PRUYNE LECTURE HALL, Amherst, MA—During the halfway point of his ninety minute lecture, Professor Joseph Rieke watched his students scribble in their notebooks while in complete and utter disbelief that they continued to write this shit down.
Rieke’s incredulity that students would even think about listening to this shit began when he learned that his class, “The Science of Gazing”, a 300 level Art History/English/Neuroscience/LJST course, had over fifty people pre-registered for it in the spring.
“All of you actually wanted to sign up for this? I didn’t expect anyone to show up,” he explained to everyone on the first day of class. “I mean, did any of you even look at the syllabus? There’s only one reading: the soul. Wait, did you just write that down? Are you writing this down right now? Ooga-booga. Wobbledee wobbledee wop. Still writing? Holy shit.”
Rieke has taught the course for over a decade, and he observes that as they get further in the semester, students are even more willing to accept absolutely anything he says as undisputed law. He reportedly remarked to his students: “You gaze in, and suddenly you’re in touch with that thing that puts you in through with everything else.”
“They ate that shit up,” he scoffed.
According to Rieke, he can talk about anything and everything that comes to mind. His most recent lecture focused on the ontology of Monet, the space race, and being controlled by the illuminati. It culminated in a request that students go home and gaze at the Mona Lisa from the insides of their soul, then to imagine seeing it from the perspective of someone having sex for the last time before they’re sent to battle on the Eastern Front; a request that each student fulfilled dutifully.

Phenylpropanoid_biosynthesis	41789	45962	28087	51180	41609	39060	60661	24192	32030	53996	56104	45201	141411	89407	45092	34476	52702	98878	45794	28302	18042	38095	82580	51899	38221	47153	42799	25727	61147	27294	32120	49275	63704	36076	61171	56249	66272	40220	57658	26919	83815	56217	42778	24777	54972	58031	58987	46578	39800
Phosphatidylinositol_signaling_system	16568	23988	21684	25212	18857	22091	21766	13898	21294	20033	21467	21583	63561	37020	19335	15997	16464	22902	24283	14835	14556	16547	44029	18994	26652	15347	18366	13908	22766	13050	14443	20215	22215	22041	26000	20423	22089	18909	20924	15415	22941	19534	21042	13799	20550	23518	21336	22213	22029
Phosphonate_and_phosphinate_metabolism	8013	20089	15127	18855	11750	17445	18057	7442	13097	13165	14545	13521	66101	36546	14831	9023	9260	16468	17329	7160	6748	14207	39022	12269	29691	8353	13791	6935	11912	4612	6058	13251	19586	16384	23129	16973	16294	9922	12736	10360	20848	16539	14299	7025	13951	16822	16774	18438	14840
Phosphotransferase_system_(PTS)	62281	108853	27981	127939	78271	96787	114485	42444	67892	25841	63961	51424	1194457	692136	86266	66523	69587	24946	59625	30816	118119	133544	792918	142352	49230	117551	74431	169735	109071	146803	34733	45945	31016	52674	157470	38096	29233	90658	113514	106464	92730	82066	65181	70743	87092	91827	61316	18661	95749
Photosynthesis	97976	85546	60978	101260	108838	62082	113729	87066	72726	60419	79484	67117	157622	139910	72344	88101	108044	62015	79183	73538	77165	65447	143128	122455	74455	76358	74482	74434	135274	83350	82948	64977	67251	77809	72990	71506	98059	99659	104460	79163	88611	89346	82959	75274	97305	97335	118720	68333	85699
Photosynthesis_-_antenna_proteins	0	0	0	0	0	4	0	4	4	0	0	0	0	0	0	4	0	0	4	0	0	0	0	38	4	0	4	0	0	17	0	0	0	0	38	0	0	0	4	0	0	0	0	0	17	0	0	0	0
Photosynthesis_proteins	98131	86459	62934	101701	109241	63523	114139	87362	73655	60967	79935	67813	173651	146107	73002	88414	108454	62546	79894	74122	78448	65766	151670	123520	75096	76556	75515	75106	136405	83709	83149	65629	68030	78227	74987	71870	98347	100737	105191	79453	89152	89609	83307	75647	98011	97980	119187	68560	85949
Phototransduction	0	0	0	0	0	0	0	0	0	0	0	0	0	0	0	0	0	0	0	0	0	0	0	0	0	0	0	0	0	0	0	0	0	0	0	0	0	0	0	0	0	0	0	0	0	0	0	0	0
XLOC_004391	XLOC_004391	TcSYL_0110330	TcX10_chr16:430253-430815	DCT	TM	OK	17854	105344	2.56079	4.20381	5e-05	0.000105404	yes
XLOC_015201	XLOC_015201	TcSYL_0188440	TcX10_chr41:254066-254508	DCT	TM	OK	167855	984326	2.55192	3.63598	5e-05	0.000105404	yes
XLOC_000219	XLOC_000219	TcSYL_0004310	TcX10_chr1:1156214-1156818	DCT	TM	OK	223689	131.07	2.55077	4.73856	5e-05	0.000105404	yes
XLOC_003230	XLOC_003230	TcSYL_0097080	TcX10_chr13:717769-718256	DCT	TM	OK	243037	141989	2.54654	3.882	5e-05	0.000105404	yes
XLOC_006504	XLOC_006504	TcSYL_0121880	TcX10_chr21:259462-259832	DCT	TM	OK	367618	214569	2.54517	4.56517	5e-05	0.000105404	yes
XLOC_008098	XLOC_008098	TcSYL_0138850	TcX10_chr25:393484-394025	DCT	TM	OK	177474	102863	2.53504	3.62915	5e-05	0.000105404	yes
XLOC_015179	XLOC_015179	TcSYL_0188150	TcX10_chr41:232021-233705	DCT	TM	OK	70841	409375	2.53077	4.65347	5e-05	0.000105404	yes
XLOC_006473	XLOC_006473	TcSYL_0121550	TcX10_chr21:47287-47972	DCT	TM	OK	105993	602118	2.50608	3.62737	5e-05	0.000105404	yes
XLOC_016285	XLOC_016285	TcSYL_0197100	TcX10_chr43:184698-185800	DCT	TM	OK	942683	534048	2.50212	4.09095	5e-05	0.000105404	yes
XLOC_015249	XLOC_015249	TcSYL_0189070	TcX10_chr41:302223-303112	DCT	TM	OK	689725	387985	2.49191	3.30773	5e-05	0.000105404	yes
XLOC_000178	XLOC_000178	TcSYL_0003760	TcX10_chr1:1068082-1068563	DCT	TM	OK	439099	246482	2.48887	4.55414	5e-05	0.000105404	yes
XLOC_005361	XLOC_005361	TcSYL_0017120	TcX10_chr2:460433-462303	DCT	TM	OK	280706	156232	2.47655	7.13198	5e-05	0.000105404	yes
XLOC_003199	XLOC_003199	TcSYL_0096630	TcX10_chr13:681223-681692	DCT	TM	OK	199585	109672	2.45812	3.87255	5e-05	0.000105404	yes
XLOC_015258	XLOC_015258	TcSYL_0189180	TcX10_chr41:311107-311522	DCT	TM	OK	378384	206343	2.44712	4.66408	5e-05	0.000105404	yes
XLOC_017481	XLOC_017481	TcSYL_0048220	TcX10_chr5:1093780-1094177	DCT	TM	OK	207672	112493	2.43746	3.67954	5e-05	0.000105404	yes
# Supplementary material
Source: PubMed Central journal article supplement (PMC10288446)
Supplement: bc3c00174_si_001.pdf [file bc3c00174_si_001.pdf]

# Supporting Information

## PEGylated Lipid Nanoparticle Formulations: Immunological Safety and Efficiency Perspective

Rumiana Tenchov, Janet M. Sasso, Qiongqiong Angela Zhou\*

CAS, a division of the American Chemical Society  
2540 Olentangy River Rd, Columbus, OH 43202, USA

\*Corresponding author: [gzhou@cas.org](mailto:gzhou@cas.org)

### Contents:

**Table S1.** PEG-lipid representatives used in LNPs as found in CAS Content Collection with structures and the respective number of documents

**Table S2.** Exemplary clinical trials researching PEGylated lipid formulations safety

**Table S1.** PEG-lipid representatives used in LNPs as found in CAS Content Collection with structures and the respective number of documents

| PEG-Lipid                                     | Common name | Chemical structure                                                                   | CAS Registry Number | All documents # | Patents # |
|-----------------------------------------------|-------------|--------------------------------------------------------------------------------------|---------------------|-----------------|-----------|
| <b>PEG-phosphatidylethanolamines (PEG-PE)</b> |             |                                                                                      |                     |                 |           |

“The class is amazingly illuminating, fundamentally life-changing in every way,” says Jill Edelweiss. “All my other classes are about stuff like Math, or History, or Learning. It’s good to make a change, and really envelop myself in the ooze of understanding, gyrating in the epiphanic experience of the ‘wisdom-injections’: Professor Rieke’s word for ‘lecture’. He’s really opened my eyes.”
“All three of them,” she added.
His office hours are unorthodox as well. When asking for a letter of recommendation, a student forgoes the usual process and must express their request in the form of a thirty minute interpretive dance. The letter is generally stuffed into the student’s waistband during the performance.
He hopes to continue to address what he considers to be the fundamental crisis of the condition of our lives: namely, “estrangement from our high-school sweethearts, Malia Obama, and whether or not to wear pants.”
There were none.